Ultimately, if it’s the total Indian-food package you want, Bombay Bowl isn’t your place. If it’s comfort on the fly, you’ll find it here, at least in spots. That’s enough for me, occasionally.

Imperial Chinese Restaurant: Define “imperial”?

To get all my usual disclaimers out of the way: a delivery order is not the same thing as a restaurant meal. You’re missing the ambiance & the service, which of course factor into a typical review—& by a majority of accounts to which I’ve got to give the benefit of the doubt, Imperial Chinese is lovely & smoothly run. You’re also risking the possibility that the increased time & space between the kitchen & your mouth will be detrimental to food quality—although if the restaurant in question is willing to deliver in the first place, it stands implicitly behind the results, which may not look quite as comely or be as piping hot as they would in house, but you’ll get the idea (especially if you avoid fried calamari or, um, soufflé or something that’s really best served immediately).

Taking all that into consideration, & recognizing that this place is something of a South Broadway institution, I nevertheless wouldn’t call anything we ordered on 2 occasions last weekend “imperial”—as in “royal,” “extravagant,” “magnificent,” etc. It was all pretty disappointingly commonplace, in fact.

I guess the best of the bunch were the Imperial noodles (pictured above right)—described on the website menu as containing chicken & shiitakes, but the round egg noodles were tossed instead with pork, scallions & peppers. Odd, but okay by me, though observers of various dietary strictures might object more strenuously. Simple but flavorful, nice & toothy, though I liked them even better when I splashed them with a little of the duck & mushroom soup (unpictured) that, by itself, was a bummer—starchy in texture, indifferently seasoned, highly suggestive of a packaged soup base—but that added a little moisture in lieu of sauce. Above left, the Director’s yue shang lamb—a variant spelling, I assume, of the more common yu hsiang, a term that usually indicates the presence of a fairly spicy, garlicky, salty-sweet sauce—wasn’t notably pungent, but at least the lamb & shiitake pieces were tender, the broccoli bright & crisp.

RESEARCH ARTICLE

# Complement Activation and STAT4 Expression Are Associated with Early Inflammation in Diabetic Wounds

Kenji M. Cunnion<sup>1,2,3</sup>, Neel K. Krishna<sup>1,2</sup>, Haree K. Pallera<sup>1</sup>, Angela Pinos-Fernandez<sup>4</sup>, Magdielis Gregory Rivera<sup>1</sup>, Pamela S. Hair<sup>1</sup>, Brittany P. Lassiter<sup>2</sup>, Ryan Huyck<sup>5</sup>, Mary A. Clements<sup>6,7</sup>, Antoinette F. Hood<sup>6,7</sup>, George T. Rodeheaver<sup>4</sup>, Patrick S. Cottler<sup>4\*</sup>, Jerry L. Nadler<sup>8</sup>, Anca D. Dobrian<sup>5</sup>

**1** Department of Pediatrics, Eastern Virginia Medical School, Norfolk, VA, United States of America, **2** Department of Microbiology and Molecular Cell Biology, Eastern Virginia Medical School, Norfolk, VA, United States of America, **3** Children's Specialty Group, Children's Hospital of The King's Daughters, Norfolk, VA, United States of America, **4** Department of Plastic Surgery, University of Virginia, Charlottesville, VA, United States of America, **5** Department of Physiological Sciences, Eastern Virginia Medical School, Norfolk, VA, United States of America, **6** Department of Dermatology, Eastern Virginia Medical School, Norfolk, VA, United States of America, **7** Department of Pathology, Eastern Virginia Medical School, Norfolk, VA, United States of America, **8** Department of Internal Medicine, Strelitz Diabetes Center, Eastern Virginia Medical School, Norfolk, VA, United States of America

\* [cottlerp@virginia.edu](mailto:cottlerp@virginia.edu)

The “dim sum sampler” sure looked pretty by any measure, but proved a mixed bag. Pork shumai (right) were just fine, no better or worse than 100 other examples—unlike the gluey, drab har gow (shrimp dumplings, bottom). As for the green ones (left), the vegetarian filling was a pleasant surprise—cabbage, scallions, sweet winter squash, & what seemed to be couscous?! any ideas?—but the skins were doughy & chewy, not delicate & silky.

Which brings us to “Johnny’s seafood gumbo,” a supposed house specialty. Though brimming with perfectly firm-tender mussels, whitefish, scallops, shrimp & squid, the soup itself tasted exactly like equal parts gazpacho & sweet-and-sour dipping sauce—gloppy, cloying & just weird.

So I dunno. Imperial won’t be on my regular delivery rotation, that’s for sure. I may head there sometime to see if dining in yields a vastly different experience, but I won’t hold my breath in the meantime.